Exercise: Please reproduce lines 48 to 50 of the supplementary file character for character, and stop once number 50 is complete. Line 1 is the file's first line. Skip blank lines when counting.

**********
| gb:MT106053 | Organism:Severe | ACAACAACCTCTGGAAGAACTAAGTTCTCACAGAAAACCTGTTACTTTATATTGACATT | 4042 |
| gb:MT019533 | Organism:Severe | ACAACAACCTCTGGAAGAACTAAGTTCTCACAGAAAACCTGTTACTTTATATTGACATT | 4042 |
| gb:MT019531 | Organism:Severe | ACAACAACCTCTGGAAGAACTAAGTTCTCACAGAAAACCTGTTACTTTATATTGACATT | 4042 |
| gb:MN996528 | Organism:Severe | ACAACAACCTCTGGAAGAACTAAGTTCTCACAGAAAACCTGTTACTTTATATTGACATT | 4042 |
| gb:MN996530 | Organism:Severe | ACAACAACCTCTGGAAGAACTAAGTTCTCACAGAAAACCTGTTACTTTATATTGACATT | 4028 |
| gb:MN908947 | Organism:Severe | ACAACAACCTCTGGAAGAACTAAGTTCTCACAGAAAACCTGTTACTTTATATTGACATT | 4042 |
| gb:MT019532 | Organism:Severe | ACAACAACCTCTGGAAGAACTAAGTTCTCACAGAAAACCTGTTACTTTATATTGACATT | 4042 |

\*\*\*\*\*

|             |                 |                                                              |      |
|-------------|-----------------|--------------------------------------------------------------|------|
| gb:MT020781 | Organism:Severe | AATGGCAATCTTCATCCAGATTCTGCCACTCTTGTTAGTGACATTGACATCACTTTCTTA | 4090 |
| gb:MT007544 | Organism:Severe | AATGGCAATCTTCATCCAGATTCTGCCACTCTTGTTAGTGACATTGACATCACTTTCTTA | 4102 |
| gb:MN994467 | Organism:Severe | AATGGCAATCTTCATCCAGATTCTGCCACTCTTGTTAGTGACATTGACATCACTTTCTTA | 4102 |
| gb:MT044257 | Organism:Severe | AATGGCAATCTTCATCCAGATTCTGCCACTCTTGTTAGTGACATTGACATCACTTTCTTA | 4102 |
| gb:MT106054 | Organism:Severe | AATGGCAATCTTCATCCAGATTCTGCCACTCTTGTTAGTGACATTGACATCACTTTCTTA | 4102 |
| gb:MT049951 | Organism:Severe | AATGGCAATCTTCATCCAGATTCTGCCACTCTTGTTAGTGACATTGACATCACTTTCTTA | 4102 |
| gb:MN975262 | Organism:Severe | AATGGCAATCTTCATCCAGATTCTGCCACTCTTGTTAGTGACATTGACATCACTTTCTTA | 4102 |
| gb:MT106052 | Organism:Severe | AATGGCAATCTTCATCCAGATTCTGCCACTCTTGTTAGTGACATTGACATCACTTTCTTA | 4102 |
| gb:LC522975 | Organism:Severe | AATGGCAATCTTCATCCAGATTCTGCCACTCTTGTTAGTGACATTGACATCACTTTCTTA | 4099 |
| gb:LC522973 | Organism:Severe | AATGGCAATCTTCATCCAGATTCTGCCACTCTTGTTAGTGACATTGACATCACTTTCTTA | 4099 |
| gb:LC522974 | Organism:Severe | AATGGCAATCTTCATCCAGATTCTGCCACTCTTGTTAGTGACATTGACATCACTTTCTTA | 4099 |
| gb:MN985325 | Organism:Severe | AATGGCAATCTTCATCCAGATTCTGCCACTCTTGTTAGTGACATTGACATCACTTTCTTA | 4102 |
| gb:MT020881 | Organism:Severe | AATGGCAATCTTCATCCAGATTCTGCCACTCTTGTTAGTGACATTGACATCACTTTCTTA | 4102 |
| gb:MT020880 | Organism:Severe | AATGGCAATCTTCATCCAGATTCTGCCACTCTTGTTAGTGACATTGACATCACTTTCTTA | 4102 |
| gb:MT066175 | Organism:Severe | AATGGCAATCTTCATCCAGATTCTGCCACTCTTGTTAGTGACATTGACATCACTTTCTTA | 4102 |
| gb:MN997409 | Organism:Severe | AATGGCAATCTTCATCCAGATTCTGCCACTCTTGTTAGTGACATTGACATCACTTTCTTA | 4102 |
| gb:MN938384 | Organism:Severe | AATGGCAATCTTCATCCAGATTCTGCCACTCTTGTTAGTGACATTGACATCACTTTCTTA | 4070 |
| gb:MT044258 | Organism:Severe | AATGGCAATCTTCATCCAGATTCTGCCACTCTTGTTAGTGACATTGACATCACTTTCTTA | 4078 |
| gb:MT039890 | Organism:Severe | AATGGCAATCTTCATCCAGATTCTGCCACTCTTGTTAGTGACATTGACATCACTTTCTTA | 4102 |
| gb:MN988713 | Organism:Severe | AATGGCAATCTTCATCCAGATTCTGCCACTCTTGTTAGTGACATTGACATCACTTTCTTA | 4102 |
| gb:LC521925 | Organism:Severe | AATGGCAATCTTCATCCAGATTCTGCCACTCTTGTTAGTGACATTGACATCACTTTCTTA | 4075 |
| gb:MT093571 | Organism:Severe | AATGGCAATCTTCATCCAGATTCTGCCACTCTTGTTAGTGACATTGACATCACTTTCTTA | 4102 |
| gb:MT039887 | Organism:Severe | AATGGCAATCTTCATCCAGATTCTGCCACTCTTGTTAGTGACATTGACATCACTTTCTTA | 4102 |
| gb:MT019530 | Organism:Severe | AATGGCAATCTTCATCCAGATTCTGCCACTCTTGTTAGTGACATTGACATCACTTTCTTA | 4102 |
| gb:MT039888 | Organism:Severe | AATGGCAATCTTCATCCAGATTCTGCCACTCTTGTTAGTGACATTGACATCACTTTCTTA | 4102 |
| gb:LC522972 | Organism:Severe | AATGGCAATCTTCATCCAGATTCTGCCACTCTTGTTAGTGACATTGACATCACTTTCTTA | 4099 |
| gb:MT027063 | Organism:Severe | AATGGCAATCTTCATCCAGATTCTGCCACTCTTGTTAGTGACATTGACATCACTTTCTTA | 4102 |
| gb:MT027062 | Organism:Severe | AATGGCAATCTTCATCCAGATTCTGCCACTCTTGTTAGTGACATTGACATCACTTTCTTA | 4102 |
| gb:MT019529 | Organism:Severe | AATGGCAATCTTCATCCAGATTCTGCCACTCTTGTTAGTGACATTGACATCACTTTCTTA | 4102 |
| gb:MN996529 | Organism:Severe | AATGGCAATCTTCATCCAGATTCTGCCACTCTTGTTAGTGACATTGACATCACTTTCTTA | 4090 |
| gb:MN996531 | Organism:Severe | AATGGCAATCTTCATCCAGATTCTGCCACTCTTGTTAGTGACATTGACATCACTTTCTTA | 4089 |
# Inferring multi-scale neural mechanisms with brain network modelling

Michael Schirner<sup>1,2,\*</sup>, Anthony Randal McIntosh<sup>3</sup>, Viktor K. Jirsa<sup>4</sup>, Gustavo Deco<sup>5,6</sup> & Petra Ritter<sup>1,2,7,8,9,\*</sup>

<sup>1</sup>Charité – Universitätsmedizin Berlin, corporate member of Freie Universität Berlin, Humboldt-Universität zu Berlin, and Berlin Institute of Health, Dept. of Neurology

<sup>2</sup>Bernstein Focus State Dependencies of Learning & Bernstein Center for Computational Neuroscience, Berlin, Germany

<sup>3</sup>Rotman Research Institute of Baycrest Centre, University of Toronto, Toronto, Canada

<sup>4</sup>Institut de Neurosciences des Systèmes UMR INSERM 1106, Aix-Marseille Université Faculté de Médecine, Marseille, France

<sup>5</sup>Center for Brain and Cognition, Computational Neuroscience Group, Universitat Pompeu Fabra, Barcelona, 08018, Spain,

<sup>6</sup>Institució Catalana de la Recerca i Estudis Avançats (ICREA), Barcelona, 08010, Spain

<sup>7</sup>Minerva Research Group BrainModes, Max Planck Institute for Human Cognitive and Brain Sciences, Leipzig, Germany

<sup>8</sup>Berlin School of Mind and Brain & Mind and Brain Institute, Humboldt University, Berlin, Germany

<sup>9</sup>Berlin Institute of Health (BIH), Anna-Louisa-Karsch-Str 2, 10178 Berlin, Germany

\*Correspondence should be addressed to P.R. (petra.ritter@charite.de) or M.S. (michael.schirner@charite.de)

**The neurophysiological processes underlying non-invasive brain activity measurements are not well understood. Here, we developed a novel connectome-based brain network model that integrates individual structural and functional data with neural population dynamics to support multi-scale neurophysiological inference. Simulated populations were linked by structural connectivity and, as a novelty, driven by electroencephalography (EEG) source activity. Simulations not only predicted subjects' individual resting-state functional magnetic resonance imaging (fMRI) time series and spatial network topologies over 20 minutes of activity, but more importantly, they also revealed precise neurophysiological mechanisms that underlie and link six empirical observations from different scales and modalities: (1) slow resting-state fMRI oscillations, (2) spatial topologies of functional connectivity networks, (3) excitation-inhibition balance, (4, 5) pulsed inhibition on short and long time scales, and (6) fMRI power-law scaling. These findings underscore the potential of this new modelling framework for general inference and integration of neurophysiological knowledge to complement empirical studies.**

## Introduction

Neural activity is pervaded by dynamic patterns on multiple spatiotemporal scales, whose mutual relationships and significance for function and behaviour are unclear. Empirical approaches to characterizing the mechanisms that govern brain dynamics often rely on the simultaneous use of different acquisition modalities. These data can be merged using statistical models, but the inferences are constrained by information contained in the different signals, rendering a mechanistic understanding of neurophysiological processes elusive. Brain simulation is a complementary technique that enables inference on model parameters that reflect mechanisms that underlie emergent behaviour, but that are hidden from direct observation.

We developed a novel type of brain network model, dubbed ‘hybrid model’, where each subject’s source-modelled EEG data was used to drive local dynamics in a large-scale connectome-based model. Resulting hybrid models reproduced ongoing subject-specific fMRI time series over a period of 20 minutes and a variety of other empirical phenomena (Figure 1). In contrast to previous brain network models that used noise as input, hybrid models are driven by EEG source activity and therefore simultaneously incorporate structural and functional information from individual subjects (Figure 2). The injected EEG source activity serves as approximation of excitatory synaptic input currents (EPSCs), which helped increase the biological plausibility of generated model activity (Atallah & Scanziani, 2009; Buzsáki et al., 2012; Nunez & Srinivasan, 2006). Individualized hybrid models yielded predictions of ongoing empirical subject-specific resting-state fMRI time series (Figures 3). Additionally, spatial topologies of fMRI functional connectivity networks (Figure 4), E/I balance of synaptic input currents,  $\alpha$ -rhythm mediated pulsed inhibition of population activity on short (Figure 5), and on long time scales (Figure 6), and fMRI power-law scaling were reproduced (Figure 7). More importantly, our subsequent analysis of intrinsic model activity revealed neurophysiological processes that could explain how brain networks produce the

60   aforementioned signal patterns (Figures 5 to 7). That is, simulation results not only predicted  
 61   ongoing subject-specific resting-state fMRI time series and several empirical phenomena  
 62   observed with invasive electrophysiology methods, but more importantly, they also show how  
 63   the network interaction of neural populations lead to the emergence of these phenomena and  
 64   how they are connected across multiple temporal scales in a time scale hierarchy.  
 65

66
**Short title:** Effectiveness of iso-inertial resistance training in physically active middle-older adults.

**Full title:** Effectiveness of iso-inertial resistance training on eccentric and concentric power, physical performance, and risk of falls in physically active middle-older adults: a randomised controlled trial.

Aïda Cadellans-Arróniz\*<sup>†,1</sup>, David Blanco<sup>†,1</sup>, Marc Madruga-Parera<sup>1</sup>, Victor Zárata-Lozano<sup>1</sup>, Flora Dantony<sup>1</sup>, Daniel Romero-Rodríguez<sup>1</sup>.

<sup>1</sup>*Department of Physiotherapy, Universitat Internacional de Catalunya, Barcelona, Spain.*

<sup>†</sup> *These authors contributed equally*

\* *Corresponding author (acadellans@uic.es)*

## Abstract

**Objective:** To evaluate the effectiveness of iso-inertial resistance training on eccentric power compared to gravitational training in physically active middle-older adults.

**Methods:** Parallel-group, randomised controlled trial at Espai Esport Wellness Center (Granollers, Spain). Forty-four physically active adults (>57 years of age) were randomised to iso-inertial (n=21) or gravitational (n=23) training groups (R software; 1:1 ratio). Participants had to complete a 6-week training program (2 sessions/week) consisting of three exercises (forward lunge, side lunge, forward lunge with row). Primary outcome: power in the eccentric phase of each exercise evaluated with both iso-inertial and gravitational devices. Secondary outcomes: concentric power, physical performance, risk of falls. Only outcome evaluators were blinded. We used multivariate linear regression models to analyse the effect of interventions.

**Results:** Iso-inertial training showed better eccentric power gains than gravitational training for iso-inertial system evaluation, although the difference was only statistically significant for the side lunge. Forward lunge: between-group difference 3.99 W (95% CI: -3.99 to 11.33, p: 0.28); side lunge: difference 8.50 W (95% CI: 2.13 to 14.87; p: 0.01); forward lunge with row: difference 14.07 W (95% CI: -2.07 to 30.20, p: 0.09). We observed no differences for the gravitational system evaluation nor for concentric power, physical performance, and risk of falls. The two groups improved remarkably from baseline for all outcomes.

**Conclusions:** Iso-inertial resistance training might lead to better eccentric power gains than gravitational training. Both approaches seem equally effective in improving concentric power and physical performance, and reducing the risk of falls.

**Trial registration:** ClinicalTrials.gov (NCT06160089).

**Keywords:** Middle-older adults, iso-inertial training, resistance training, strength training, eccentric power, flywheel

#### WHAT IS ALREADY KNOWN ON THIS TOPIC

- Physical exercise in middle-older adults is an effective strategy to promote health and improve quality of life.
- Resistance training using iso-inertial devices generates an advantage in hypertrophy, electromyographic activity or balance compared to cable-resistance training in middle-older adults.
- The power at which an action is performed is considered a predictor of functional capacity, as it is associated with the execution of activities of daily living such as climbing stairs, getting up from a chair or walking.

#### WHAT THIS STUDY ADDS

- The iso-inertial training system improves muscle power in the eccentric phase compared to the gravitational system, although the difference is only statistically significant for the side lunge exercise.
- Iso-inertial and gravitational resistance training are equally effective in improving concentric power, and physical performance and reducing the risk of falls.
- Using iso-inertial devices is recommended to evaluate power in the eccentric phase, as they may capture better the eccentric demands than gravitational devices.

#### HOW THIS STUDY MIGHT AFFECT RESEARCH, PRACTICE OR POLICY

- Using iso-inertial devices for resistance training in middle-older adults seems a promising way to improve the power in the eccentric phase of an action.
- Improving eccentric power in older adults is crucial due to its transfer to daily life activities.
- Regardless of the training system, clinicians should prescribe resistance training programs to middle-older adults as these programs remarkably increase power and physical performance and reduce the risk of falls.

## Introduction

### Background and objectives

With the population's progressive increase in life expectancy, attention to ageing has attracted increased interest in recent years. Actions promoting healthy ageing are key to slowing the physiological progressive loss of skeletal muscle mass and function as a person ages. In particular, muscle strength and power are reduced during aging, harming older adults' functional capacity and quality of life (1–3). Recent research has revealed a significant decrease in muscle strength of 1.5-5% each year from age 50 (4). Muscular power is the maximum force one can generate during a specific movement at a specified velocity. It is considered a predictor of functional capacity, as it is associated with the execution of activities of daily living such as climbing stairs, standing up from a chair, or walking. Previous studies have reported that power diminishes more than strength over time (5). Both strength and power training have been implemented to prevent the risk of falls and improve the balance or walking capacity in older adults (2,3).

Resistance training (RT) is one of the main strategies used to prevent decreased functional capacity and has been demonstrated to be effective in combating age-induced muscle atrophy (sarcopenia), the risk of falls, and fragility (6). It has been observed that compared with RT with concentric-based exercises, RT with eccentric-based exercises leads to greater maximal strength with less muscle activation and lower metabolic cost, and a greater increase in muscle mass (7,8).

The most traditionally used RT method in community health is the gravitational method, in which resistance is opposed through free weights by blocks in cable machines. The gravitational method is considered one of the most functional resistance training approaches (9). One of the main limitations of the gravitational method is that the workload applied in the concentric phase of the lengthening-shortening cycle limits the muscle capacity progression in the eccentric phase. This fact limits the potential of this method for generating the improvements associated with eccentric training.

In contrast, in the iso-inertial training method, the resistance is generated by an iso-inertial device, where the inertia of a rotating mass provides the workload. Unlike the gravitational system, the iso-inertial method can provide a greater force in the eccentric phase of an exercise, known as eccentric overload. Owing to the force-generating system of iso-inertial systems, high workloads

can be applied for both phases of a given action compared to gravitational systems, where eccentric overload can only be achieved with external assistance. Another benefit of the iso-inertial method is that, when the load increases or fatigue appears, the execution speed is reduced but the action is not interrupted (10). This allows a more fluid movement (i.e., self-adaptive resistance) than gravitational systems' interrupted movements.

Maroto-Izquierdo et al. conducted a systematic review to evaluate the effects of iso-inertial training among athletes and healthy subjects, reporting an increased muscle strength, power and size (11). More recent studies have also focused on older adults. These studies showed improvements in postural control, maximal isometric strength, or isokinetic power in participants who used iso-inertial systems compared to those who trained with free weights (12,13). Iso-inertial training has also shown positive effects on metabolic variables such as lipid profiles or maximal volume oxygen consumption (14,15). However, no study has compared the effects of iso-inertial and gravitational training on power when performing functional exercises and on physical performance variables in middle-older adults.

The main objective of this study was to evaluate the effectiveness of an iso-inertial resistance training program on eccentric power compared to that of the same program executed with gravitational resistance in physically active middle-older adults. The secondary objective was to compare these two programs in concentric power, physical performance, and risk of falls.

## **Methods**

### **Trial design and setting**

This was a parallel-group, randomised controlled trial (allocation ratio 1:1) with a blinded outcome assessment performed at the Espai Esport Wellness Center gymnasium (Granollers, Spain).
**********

<sup>5</sup>Center for Brain and Cognition, Computational Neuroscience Group, Universitat Pompeu Fabra, Barcelona, 08018, Spain,

<sup>6</sup>Institució Catalana de la Recerca i Estudis Avançats (ICREA), Barcelona, 08010, Spain

<sup>7</sup>Minerva Research Group BrainModes, Max Planck Institute for Human Cognitive and Brain Sciences, Leipzig, Germany